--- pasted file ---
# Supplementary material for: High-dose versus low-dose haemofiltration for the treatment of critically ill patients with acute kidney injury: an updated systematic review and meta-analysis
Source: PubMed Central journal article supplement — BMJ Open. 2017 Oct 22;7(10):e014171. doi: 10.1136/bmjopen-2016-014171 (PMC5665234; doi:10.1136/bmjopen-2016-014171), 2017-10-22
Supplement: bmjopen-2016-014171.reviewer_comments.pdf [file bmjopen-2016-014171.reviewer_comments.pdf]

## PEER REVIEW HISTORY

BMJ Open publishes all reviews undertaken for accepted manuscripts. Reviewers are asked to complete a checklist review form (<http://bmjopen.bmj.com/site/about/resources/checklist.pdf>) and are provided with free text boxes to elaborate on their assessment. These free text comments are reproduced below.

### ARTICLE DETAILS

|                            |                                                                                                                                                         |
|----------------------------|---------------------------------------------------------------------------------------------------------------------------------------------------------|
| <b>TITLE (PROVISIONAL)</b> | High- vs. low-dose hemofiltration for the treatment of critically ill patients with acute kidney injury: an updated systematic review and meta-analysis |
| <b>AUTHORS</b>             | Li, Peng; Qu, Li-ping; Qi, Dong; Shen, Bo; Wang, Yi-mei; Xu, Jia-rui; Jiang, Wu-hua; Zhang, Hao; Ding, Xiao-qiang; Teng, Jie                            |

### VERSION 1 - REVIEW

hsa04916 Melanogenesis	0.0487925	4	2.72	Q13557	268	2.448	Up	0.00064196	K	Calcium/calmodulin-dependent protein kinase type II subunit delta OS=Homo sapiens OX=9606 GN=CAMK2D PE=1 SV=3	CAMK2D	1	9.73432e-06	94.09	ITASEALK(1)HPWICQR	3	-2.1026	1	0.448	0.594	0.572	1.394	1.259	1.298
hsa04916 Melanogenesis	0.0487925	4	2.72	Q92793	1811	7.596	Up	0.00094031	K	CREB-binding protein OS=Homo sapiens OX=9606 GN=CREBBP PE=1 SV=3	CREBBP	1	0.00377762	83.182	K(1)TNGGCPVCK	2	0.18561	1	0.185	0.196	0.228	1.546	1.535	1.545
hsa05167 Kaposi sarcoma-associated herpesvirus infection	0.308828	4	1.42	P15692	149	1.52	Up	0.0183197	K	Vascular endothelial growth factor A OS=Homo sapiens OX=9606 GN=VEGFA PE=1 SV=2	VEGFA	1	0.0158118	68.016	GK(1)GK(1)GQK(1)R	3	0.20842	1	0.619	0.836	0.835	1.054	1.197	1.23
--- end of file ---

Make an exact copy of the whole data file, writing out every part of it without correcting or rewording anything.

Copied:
# Supplementary material for: High-dose versus low-dose haemofiltration for the treatment of critically ill patients with acute kidney injury: an updated systematic review and meta-analysis
Source: PubMed Central journal article supplement — BMJ Open. 2017 Oct 22;7(10):e014171. doi: 10.1136/bmjopen-2016-014171 (PMC5665234; doi:10.1136/bmjopen-2016-014171), 2017-10-22
Supplement: bmjopen-2016-014171.reviewer_comments.pdf [file bmjopen-2016-014171.reviewer_comments.pdf]

## PEER REVIEW HISTORY

BMJ Open publishes all reviews undertaken for accepted manuscripts. Reviewers are asked to complete a checklist review form (<http://bmjopen.bmj.com/site/about/resources/checklist.pdf>) and are provided with free text boxes to elaborate on their assessment. These free text comments are reproduced below.

### ARTICLE DETAILS

|                            |                                                                                                                                                         |
|----------------------------|---------------------------------------------------------------------------------------------------------------------------------------------------------|
| <b>TITLE (PROVISIONAL)</b> | High- vs. low-dose hemofiltration for the treatment of critically ill patients with acute kidney injury: an updated systematic review and meta-analysis |
| <b>AUTHORS</b>             | Li, Peng; Qu, Li-ping; Qi, Dong; Shen, Bo; Wang, Yi-mei; Xu, Jia-rui; Jiang, Wu-hua; Zhang, Hao; Ding, Xiao-qiang; Teng, Jie                            |

### VERSION 1 - REVIEW

hsa04916 Melanogenesis	0.0487925	4	2.72	Q13557	268	2.448	Up	0.00064196	K	Calcium/calmodulin-dependent protein kinase type II subunit delta OS=Homo sapiens OX=9606 GN=CAMK2D PE=1 SV=3	CAMK2D	1	9.73432e-06	94.09	ITASEALK(1)HPWICQR	3	-2.1026	1	0.448	0.594	0.572	1.394	1.259	1.298
hsa04916 Melanogenesis	0.0487925	4	2.72	Q92793	1811	7.596	Up	0.00094031	K	CREB-binding protein OS=Homo sapiens OX=9606 GN=CREBBP PE=1 SV=3	CREBBP	1	0.00377762	83.182	K(1)TNGGCPVCK	2	0.18561	1	0.185	0.196	0.228	1.546	1.535	1.545
hsa05167 Kaposi sarcoma-associated herpesvirus infection	0.308828	4	1.42	P15692	149	1.52	Up	0.0183197	K	Vascular endothelial growth factor A OS=Homo sapiens OX=9606 GN=VEGFA PE=1 SV=2	VEGFA	1	0.0158118	68.016	GK(1)GK(1)GQK(1)R	3	0.20842	1	0.619	0.836	0.835	1.054	1.197	1.23